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The one copper price vs China chart you want to see today

Emerging from the depths

It’s only 12 January and the copper price is down 8% year to date.

March futures in New York dropped to $1.9525 a pound (just over $4,300 a tonne) early on Tuesday and by the close on the Comex continued to languish at levels last seen March 2009.

For a sustained period below $2 you have to go back a decade at the early days of the China-induced supercycle.

China is responsible for nearly half of global metals demand and its slowing economy is at the heart of not just the commodities sell-off but the rout on global stock markets as well.

Given the extent of fear in the market few are factoring in industry fundamentals, but it’s worth remembering just what a different beast China is today versus a decade ago.

And with copper so closely tied to the country’s economy the chart below should give metal bulls some hope.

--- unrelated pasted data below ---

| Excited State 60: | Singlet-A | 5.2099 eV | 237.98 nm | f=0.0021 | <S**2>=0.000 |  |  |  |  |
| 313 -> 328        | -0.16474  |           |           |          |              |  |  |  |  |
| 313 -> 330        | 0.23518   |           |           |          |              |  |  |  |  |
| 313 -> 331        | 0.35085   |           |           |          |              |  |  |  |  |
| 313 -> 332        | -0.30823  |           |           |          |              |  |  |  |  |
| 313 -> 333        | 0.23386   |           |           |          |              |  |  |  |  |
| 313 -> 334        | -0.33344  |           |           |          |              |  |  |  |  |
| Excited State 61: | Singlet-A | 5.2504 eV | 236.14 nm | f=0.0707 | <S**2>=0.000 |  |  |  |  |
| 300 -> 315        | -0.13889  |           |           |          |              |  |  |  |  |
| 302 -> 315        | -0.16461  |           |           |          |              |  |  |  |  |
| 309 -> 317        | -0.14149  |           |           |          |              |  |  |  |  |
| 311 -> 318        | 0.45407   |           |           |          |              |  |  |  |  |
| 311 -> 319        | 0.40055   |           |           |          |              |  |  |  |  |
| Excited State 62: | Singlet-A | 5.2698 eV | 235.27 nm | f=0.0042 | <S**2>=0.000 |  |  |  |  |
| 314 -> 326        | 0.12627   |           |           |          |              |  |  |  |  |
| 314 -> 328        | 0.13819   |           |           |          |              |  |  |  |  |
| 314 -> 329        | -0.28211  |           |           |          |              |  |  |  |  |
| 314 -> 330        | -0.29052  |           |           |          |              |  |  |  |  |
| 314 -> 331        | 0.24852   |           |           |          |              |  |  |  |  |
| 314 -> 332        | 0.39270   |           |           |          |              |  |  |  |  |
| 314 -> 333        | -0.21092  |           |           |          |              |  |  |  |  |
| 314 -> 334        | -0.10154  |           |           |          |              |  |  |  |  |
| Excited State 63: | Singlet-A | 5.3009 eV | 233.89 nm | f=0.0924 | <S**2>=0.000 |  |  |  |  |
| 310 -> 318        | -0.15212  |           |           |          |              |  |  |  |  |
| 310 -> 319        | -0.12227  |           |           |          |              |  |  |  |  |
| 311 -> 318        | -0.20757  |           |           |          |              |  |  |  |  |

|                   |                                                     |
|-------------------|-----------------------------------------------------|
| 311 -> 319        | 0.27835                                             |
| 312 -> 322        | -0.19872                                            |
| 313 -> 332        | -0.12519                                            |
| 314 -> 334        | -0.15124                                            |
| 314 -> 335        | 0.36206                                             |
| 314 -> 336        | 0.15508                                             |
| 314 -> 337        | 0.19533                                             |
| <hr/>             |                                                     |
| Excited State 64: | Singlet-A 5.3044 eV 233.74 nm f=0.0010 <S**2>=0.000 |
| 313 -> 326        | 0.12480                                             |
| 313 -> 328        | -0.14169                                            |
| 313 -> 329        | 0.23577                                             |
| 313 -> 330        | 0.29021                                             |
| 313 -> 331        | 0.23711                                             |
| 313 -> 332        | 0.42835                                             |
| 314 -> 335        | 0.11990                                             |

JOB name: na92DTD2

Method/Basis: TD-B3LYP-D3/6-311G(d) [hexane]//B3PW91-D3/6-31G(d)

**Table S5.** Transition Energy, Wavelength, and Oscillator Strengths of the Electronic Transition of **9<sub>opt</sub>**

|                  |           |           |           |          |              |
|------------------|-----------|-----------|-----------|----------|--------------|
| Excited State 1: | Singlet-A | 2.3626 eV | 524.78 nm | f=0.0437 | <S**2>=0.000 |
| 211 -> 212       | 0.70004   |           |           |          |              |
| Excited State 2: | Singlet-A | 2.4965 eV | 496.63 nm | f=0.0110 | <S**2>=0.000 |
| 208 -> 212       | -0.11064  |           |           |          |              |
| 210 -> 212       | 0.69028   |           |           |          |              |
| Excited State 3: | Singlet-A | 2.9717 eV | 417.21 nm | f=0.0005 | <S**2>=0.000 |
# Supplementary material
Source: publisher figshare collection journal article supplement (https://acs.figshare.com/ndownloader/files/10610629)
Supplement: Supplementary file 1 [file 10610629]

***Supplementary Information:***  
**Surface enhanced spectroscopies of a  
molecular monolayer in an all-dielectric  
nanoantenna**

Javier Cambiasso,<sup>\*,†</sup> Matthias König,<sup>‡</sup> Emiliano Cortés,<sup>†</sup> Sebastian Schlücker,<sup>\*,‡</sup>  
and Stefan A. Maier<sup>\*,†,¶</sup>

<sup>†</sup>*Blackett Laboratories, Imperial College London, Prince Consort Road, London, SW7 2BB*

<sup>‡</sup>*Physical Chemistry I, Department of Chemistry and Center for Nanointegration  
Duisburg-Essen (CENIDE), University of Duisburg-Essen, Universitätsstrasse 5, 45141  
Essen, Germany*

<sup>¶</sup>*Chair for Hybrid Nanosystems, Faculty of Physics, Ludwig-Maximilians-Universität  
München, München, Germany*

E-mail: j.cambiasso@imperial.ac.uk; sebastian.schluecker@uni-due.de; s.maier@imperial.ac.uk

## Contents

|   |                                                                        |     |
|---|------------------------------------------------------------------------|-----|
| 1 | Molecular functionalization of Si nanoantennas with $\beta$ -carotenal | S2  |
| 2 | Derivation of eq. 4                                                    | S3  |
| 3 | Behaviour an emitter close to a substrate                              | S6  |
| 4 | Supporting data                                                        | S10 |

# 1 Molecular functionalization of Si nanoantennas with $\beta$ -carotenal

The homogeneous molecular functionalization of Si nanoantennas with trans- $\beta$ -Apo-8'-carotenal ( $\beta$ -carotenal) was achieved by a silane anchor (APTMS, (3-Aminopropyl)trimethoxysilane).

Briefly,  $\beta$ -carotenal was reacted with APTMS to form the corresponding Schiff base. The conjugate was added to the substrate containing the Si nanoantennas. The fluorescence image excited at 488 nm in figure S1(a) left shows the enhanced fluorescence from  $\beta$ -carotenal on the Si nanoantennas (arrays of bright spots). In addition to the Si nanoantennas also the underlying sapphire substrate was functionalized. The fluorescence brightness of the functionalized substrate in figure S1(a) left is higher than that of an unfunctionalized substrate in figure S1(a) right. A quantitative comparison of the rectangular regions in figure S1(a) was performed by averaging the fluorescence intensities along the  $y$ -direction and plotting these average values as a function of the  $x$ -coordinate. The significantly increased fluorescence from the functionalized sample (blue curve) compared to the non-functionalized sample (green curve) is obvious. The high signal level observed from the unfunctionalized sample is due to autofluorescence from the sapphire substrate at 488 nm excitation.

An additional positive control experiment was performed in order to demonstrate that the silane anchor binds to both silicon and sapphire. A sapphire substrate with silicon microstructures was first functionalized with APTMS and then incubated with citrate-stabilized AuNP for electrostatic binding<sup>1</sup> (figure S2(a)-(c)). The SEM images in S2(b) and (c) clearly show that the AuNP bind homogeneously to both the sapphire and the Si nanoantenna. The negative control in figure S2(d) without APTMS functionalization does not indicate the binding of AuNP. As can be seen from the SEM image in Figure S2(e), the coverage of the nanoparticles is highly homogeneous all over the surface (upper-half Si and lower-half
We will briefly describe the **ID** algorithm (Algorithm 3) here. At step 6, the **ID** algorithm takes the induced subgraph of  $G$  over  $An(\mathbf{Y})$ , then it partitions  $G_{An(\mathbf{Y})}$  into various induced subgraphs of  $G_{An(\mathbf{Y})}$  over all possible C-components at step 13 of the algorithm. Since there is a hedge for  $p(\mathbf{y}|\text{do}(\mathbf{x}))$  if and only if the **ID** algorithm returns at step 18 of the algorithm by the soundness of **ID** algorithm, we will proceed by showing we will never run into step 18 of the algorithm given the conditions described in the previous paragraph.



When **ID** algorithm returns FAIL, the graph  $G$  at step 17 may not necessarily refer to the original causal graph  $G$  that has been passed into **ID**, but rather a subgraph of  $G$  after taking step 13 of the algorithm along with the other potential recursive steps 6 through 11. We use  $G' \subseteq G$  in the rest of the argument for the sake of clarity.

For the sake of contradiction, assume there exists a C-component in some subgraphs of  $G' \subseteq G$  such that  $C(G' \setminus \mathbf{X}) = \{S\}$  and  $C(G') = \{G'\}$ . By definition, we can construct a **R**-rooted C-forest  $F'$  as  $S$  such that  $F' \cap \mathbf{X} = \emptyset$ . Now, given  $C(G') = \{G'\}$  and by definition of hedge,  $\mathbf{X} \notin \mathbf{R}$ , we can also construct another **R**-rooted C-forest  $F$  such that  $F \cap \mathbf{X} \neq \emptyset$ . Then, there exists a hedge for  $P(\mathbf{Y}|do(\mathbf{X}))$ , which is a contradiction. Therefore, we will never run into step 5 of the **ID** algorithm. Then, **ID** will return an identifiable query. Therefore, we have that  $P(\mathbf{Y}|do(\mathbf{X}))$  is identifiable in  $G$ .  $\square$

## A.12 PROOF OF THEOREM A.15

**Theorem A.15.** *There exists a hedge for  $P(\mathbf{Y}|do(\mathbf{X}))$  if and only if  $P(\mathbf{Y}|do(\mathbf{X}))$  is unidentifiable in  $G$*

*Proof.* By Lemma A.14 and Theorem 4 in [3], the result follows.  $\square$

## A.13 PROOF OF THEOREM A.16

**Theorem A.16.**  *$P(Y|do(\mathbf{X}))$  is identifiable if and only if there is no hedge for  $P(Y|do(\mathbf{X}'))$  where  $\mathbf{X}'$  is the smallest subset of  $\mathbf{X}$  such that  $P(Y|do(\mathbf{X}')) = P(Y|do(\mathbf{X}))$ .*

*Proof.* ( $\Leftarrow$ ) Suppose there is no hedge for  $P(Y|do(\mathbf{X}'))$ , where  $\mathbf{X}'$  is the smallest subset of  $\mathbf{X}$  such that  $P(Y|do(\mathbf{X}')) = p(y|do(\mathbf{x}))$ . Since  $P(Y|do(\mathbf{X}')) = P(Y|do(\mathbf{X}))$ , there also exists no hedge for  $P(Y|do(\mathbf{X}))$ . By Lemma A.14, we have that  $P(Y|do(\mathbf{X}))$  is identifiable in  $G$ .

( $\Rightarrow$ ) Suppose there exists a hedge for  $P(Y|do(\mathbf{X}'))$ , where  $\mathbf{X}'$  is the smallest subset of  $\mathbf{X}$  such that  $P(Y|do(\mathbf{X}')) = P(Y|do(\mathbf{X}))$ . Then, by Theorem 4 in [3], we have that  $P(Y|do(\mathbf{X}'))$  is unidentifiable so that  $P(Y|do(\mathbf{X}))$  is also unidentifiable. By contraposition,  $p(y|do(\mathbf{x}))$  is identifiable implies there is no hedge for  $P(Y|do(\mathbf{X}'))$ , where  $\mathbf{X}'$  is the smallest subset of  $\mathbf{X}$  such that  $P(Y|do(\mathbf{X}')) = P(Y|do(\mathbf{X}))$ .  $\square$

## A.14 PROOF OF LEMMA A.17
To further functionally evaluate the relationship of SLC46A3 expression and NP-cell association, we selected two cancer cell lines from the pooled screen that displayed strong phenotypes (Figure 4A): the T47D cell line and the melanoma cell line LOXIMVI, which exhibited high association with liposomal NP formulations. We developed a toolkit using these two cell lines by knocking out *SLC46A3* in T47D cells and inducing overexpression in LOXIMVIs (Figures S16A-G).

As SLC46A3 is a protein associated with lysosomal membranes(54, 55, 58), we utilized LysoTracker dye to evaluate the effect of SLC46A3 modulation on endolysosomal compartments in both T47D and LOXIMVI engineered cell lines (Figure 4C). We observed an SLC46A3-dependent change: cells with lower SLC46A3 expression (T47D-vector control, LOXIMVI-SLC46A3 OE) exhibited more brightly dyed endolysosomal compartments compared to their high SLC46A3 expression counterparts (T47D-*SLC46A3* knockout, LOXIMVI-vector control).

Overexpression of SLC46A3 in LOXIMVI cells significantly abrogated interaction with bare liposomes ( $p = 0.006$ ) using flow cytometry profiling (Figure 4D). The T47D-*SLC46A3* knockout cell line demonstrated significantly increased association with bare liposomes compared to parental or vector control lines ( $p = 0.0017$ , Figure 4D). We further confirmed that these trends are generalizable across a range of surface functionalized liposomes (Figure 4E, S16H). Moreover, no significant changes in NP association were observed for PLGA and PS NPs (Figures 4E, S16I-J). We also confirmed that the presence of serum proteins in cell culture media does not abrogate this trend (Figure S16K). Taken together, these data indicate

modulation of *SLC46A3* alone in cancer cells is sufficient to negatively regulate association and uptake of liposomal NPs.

China’s economic expansion is expected to slow to its lowest level since 1990, but measured in billions of dollars Chinese gross domestic product growth paints a totally different picture.

This is the copper price vs China chart you need to see today

Source: Capital Economics

The country would be adding some $800 billion to GDP (and that’s excluding Hong Kong) this year and over $1 trillion by the end of the decade.

That’s greater than the size of mainland China’s entire economy in 1994, when growth rates peaked at a stunning 30% year-on-year. $800 billion is also bigger than Switzerland’s economy and worth almost 2 South Africas and 4 New Zealands.

Caroline Bain of Capital Economics says the chart suggests that a plausible rate of Chinese economic growth from here (8% nominal, or 6% real plus 2% inflation) “would be consistent with some recovery in copper prices, even if growth is less commodity-intensive.”

The house view at Capital Economics for the copper price is one of the more bullish predictions: $6,000 a tonne ($2.72 a pound) at the end the year. And as Bain points out this may be an ambitious target, but don’t forget the red metal peaked at $4.50 just five short years ago.